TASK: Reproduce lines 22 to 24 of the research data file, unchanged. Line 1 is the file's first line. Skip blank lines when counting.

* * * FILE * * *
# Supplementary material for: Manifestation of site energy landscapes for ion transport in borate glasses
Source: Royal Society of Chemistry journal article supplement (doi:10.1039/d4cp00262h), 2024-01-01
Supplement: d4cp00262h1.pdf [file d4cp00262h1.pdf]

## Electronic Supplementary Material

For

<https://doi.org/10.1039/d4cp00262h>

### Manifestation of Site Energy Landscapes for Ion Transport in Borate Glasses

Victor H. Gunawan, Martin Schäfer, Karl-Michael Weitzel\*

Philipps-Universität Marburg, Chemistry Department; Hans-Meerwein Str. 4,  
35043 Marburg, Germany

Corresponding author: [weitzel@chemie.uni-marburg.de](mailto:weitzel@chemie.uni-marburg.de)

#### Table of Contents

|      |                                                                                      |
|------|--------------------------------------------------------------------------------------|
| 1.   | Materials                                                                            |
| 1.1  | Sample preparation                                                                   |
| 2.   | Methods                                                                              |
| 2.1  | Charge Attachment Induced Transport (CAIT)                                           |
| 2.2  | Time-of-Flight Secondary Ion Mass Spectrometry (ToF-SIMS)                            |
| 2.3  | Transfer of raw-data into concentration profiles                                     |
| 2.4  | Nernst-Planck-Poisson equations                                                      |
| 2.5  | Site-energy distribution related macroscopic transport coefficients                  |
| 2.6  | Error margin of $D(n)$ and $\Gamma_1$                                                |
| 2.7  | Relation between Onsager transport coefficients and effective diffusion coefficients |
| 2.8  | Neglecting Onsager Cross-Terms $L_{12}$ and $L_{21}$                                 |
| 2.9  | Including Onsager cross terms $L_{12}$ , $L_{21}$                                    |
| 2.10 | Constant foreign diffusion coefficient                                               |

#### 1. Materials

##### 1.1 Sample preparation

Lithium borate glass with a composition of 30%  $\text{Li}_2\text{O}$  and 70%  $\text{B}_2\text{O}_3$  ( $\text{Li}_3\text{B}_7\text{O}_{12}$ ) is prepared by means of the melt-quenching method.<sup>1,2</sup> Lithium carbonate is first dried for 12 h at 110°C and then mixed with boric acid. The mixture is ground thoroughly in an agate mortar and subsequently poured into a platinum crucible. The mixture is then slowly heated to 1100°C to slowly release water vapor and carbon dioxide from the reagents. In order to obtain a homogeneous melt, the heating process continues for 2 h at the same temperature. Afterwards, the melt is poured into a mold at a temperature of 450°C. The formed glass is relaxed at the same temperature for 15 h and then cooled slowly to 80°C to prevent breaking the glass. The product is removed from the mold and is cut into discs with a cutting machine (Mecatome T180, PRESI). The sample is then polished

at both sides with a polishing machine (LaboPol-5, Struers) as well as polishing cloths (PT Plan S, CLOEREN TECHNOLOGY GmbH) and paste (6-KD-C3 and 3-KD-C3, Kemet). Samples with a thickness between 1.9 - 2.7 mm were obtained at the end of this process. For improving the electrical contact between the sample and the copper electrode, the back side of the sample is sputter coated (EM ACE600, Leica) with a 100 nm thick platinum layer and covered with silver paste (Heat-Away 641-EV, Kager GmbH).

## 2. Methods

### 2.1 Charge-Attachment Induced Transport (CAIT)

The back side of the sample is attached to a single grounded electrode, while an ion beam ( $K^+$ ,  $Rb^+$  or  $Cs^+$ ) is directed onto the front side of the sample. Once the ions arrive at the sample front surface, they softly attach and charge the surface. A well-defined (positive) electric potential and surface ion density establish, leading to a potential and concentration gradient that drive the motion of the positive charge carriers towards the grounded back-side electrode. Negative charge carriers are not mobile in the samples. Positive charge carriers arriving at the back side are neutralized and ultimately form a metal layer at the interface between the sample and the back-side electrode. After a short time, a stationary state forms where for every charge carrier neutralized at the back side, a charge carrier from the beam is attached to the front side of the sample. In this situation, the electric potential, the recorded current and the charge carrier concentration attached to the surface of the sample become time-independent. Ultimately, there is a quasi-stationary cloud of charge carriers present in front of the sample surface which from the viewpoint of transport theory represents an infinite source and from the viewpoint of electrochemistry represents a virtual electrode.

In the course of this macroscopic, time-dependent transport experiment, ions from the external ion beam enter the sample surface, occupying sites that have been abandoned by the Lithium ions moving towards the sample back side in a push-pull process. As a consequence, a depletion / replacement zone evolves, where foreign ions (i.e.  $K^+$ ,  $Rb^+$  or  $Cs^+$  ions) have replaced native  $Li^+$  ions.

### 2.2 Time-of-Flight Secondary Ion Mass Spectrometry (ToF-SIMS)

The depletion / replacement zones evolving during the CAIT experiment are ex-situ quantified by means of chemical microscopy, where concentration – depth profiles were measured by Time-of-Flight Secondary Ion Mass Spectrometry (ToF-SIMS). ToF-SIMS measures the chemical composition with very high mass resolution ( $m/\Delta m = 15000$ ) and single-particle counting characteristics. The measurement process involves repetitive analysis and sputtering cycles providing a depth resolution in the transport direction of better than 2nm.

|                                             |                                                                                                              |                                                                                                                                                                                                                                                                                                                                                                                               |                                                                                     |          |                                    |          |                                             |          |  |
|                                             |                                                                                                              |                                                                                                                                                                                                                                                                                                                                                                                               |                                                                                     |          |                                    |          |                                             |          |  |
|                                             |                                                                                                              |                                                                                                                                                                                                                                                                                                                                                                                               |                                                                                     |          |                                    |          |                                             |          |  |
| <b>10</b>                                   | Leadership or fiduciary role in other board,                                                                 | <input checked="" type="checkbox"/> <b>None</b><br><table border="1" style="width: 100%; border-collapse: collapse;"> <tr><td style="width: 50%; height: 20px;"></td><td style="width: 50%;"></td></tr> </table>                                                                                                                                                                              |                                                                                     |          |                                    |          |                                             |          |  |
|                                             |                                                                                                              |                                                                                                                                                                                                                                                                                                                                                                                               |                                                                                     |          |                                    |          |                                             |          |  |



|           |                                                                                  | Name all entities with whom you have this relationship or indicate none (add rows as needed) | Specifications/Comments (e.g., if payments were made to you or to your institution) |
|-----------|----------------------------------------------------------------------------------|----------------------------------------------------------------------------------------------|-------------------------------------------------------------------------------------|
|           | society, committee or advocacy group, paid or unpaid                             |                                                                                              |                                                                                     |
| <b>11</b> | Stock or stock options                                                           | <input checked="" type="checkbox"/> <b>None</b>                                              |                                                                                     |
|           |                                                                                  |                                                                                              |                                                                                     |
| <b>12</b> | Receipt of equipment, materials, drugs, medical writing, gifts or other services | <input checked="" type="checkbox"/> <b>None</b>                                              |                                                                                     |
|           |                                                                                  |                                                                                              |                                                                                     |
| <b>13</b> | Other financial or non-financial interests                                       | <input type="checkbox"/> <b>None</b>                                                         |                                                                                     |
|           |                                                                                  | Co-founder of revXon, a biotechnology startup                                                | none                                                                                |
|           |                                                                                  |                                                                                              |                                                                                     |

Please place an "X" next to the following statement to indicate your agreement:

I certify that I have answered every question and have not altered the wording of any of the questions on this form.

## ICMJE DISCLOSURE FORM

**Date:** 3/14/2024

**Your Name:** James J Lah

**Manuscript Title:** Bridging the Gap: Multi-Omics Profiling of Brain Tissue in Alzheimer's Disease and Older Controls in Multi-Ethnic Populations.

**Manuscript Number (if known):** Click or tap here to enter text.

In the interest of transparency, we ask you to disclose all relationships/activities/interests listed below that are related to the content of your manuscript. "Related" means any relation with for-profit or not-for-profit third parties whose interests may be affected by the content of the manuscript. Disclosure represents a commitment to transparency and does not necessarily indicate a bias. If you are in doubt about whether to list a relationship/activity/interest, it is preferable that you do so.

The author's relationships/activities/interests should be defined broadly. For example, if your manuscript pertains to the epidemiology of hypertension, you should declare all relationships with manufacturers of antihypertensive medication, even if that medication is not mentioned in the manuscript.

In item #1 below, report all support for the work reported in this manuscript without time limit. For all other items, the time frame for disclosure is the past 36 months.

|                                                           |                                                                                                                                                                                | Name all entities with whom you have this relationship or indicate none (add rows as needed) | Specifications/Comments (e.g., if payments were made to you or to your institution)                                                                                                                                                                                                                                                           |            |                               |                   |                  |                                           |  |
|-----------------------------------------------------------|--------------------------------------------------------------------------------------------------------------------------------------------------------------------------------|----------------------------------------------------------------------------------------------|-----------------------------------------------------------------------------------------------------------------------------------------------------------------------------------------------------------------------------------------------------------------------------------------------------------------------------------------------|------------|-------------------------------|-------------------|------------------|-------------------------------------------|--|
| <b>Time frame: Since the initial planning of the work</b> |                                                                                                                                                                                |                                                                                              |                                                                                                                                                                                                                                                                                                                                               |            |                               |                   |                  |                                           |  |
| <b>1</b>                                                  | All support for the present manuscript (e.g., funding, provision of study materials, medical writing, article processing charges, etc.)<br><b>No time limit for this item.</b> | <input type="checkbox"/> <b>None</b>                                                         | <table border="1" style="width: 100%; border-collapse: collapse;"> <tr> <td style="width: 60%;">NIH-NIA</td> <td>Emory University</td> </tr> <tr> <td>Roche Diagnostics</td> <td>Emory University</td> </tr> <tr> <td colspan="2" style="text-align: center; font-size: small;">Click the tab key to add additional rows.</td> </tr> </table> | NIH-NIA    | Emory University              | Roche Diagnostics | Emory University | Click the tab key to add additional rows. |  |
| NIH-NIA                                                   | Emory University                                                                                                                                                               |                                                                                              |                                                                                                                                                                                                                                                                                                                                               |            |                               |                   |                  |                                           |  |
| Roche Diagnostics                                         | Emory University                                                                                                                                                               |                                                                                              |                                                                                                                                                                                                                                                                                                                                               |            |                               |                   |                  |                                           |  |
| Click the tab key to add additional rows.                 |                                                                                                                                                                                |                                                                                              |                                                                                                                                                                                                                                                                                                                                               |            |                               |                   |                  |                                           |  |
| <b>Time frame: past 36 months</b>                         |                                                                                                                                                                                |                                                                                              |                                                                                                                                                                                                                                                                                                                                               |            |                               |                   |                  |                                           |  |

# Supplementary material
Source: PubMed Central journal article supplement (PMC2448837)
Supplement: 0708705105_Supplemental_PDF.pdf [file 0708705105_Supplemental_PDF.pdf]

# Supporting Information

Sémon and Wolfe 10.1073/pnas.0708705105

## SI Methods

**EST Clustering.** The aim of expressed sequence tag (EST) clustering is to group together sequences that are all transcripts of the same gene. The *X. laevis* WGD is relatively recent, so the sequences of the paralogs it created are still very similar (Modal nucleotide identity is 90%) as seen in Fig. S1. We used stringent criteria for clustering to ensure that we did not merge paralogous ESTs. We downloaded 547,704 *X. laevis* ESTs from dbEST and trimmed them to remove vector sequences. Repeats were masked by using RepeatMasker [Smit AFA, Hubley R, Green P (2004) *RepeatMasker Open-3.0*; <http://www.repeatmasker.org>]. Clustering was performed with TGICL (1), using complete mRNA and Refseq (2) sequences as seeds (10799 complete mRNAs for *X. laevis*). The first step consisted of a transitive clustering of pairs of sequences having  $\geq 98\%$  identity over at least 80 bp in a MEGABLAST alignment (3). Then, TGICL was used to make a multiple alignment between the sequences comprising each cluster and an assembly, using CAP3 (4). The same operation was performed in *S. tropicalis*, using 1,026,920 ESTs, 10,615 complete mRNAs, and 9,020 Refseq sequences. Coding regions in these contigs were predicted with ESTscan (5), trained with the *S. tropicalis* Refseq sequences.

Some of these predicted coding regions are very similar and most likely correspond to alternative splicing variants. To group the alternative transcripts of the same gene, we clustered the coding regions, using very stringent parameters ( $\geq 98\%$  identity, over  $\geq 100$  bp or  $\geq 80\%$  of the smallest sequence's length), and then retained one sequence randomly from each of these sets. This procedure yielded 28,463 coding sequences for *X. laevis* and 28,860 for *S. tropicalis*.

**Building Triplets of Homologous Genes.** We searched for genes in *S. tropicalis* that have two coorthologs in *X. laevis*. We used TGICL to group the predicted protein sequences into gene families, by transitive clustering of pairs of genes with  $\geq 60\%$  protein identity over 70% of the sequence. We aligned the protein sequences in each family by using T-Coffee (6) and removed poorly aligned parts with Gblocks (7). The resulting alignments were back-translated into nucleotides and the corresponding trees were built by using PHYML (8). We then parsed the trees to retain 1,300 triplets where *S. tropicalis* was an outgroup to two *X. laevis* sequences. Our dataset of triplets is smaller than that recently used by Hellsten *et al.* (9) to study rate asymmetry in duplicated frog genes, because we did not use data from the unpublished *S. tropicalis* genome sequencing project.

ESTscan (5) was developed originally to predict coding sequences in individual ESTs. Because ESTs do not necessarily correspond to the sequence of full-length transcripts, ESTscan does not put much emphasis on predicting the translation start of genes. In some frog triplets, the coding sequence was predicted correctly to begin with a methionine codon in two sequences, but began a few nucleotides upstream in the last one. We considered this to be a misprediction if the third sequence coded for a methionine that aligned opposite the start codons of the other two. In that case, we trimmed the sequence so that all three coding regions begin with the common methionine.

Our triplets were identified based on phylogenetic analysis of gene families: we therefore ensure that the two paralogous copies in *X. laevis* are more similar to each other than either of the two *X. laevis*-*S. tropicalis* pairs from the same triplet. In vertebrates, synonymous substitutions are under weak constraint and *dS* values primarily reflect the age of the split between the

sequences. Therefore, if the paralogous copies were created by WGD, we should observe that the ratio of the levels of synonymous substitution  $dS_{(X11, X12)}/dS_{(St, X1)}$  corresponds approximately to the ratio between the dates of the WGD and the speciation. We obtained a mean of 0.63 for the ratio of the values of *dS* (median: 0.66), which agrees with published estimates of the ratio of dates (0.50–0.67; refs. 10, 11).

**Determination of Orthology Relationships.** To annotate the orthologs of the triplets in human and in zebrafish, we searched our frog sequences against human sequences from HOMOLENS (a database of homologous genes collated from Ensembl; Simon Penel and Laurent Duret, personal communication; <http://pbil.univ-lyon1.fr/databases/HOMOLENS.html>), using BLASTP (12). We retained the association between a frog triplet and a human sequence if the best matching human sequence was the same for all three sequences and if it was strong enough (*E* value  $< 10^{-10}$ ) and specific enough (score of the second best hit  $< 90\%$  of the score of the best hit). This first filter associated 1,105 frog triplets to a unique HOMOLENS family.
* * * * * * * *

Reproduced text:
| 2.5  | Site-energy distribution related macroscopic transport coefficients                  |
| 2.6  | Error margin of $D(n)$ and $\Gamma_1$                                                |
| 2.7  | Relation between Onsager transport coefficients and effective diffusion coefficients |